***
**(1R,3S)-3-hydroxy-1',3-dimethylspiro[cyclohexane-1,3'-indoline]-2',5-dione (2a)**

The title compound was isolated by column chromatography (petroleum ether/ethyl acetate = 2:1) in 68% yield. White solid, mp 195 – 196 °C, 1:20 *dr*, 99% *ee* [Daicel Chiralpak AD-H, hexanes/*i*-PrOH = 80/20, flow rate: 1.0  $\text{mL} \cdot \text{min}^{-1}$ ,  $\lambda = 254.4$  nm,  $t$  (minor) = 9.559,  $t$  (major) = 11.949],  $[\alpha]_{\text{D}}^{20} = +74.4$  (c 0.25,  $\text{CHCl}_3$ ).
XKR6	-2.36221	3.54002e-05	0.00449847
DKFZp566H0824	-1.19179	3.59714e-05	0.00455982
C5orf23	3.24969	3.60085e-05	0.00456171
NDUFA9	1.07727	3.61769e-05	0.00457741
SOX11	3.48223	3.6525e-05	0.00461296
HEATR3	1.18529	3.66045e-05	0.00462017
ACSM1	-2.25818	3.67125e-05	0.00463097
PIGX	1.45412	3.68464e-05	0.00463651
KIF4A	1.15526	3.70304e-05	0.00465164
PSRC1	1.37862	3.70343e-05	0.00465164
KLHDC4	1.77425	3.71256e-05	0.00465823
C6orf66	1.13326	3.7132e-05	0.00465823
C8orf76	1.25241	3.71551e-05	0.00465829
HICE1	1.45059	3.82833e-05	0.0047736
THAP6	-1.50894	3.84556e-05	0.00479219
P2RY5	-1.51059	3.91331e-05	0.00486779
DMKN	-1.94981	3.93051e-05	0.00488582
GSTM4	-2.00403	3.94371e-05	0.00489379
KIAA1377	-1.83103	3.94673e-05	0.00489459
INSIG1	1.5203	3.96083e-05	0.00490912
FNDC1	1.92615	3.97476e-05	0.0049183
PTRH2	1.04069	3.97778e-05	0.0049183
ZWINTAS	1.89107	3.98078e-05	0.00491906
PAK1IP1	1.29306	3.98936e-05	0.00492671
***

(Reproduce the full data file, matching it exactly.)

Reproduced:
**(1R,3S)-3-hydroxy-1',3-dimethylspiro[cyclohexane-1,3'-indoline]-2',5-dione (2a)**

The title compound was isolated by column chromatography (petroleum ether/ethyl acetate = 2:1) in 68% yield. White solid, mp 195 – 196 °C, 1:20 *dr*, 99% *ee* [Daicel Chiralpak AD-H, hexanes/*i*-PrOH = 80/20, flow rate: 1.0  $\text{mL} \cdot \text{min}^{-1}$ ,  $\lambda = 254.4$  nm,  $t$  (minor) = 9.559,  $t$  (major) = 11.949],  $[\alpha]_{\text{D}}^{20} = +74.4$  (c 0.25,  $\text{CHCl}_3$ ).
XKR6	-2.36221	3.54002e-05	0.00449847
DKFZp566H0824	-1.19179	3.59714e-05	0.00455982
C5orf23	3.24969	3.60085e-05	0.00456171
NDUFA9	1.07727	3.61769e-05	0.00457741
SOX11	3.48223	3.6525e-05	0.00461296
HEATR3	1.18529	3.66045e-05	0.00462017
ACSM1	-2.25818	3.67125e-05	0.00463097
PIGX	1.45412	3.68464e-05	0.00463651
KIF4A	1.15526	3.70304e-05	0.00465164
PSRC1	1.37862	3.70343e-05	0.00465164
KLHDC4	1.77425	3.71256e-05	0.00465823
C6orf66	1.13326	3.7132e-05	0.00465823
C8orf76	1.25241	3.71551e-05	0.00465829
HICE1	1.45059	3.82833e-05	0.0047736
THAP6	-1.50894	3.84556e-05	0.00479219
P2RY5	-1.51059	3.91331e-05	0.00486779
DMKN	-1.94981	3.93051e-05	0.00488582
GSTM4	-2.00403	3.94371e-05	0.00489379
KIAA1377	-1.83103	3.94673e-05	0.00489459
INSIG1	1.5203	3.96083e-05	0.00490912
FNDC1	1.92615	3.97476e-05	0.0049183
PTRH2	1.04069	3.97778e-05	0.0049183
ZWINTAS	1.89107	3.98078e-05	0.00491906
PAK1IP1	1.29306	3.98936e-05	0.00492671